Kenya’s hosting of the blue economy conference next month should not only focus on missed opportunities over the years but the abundance of wealth that should be urgently harnessed for economic growth and job creation.
Being a member of the Indian Ocean Rim Association (Iora), Kenya should have taken a leaf if not two from partners in the 20-country group on exploitation of the vast marine resources at its disposal, especially in the Indian Ocean.
With the help of global partners, there is room for joint capacity building in community-based tourism ventures for poverty reduction, cultural heritage and ecotourism. Not much has been done to harness ocean and lake resources like deep sea mining, fishing, transport and water sports among other areas.
This is an area largely ignored by successive governments and our participation in Iora activities has been largely passive, said a senior officer in the Ministry of Foreign Affairs.
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While other delegations at Iora ministerial conferences are led by ministers of either Fisheries or Ocean and Marine Development, the Kenyan team is always led by under-secretaries.
In 2012, during his short stint at the Foreign Affairs ministry, Prof Sam Ongeri’s was among the most notable speakers at the conference held in the commercial and hospitality hub of Gurgaon, India. But when Iora countries gathered at the First Ministerial Blue Economy Conference in September 2015 in Mauritius, the then Nyali MP Hezron Awiti was the senior most Kenyan official.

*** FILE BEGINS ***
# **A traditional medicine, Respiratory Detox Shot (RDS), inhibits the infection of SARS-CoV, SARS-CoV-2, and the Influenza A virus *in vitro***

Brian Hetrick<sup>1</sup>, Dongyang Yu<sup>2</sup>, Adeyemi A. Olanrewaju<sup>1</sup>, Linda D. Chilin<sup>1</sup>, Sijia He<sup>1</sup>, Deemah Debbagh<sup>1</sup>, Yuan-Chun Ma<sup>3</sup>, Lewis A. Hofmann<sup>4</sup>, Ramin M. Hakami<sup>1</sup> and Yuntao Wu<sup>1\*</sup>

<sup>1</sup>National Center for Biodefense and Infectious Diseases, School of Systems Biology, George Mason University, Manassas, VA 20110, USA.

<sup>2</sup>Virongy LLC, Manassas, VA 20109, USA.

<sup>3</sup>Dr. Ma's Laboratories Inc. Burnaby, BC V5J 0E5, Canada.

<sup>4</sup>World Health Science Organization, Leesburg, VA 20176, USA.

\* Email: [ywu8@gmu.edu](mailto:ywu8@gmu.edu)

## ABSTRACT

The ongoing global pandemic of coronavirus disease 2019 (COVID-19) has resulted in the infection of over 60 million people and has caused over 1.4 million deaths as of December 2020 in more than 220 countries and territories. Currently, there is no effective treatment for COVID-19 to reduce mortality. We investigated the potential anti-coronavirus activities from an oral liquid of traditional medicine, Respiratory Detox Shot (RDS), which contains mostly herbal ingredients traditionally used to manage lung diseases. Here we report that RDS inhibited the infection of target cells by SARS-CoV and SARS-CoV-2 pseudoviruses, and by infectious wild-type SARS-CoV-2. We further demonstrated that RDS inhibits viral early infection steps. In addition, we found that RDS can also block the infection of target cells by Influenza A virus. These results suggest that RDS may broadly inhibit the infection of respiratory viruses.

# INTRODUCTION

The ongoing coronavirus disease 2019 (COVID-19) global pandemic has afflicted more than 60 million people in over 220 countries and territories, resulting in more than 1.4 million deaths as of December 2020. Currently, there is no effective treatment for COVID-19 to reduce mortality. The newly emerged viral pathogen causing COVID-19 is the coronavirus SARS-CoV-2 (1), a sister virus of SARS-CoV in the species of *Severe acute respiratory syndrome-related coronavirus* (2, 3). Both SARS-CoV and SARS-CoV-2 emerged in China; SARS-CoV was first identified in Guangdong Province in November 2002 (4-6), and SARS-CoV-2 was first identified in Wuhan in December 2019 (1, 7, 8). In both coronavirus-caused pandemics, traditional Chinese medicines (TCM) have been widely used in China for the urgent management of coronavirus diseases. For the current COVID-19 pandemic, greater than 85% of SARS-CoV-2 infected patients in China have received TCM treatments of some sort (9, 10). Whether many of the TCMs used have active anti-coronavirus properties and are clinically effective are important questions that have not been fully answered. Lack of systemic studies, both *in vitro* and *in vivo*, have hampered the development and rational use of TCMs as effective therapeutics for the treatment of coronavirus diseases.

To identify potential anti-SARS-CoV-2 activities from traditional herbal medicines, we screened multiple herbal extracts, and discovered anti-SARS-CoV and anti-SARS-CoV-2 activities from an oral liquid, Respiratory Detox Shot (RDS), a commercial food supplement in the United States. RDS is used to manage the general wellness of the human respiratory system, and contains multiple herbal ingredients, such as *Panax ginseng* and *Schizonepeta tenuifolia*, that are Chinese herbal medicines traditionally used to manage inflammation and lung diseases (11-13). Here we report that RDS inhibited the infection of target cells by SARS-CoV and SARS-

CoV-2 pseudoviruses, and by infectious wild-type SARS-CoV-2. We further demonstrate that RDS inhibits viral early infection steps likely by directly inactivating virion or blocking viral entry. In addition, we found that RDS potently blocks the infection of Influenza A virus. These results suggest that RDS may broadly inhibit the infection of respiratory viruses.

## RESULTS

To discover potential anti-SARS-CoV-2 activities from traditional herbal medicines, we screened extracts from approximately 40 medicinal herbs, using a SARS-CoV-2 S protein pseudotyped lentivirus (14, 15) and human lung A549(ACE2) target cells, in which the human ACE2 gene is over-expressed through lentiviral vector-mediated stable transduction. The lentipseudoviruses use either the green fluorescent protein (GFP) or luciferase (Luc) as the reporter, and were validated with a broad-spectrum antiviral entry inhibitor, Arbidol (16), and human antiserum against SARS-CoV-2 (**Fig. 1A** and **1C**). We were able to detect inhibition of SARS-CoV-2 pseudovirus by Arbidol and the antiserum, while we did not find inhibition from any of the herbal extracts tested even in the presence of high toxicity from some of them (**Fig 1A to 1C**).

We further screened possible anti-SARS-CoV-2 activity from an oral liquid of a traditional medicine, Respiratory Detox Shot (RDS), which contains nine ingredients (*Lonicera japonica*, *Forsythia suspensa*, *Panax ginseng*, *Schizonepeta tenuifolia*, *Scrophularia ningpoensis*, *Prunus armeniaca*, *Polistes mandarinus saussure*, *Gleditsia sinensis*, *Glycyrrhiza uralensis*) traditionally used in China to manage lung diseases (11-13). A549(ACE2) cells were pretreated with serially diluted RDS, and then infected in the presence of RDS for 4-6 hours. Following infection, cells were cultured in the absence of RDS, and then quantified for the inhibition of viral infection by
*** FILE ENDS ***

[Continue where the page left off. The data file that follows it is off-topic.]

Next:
Kenya’s input at the conference was minimal. Issues canvassed at these meetings include fisheries and aquaculture, marine safety and security cooperation and the promotion of sustainable fisheries and aquaculture management in the Indian Ocean rim.
Ocean bed mining is now big business not only for oil exploration and drilling, but also natural gas, gas hydrates, manganese and body oil products enriched with natural sea minerals and sea salt.
Governments have generated policy, legal and institutional considerations to enable them operate within international standards as they exploit blue economy resources.
Food processing and deep-sea mining projects have for example blossomed in Iora countries with the support of members and partners through private and public partnerships to provide for food security and nutrition.
Other priority areas include trade and investment facilitation, disaster risk reduction, academic, science and technological advancement and tourism promotion and cultural exchanges.
IORA has also identified women empowerment as an important cross cutting theme in all of its priority areas. To achieve its targets, working groups bringing together business persons and academics meet annually to deliberate on various projects and policies in their respective fields and send their recommendations to the Committee of Senior Officials (CSO) through the headquarters in Mauritius.
Maritime transport safety should be a priority and there’s need to have a regional entity that combines interests of neighbouring states and indeed the IORA region to facilitate transport and shipping.
A fisheries support plan can play an important role in enhancing cooperation in the fisheries sector for better utilisation of fish resources, expertise exchange and joint research activities.
It is from such ventures that countries like Mauritius have developed an advanced Tuna harvesting and processing projects which earn the country huge amounts of export revenue. Focus should also be on facilitating transfer of technology to Kenya from countries that have over the years made big strides in different marine fields.
That should also include promotion of cultural exchange, university exchange programmes to promote research and other academic discourses in the blue economy sector.
That the organisers of the Nairobi conference have anchored it on sustainability, climate change and controlling pollution, and production, accelerated economic growth, jobs and poverty alleviation shows how much the sector can offer. The conference will focus on new technologies and innovation for oceans, seas, lakes and rivers as well as the challenges, potential opportunities, priorities and partnerships.
-The writer is a media consultant and has covered several Blue Economy conferences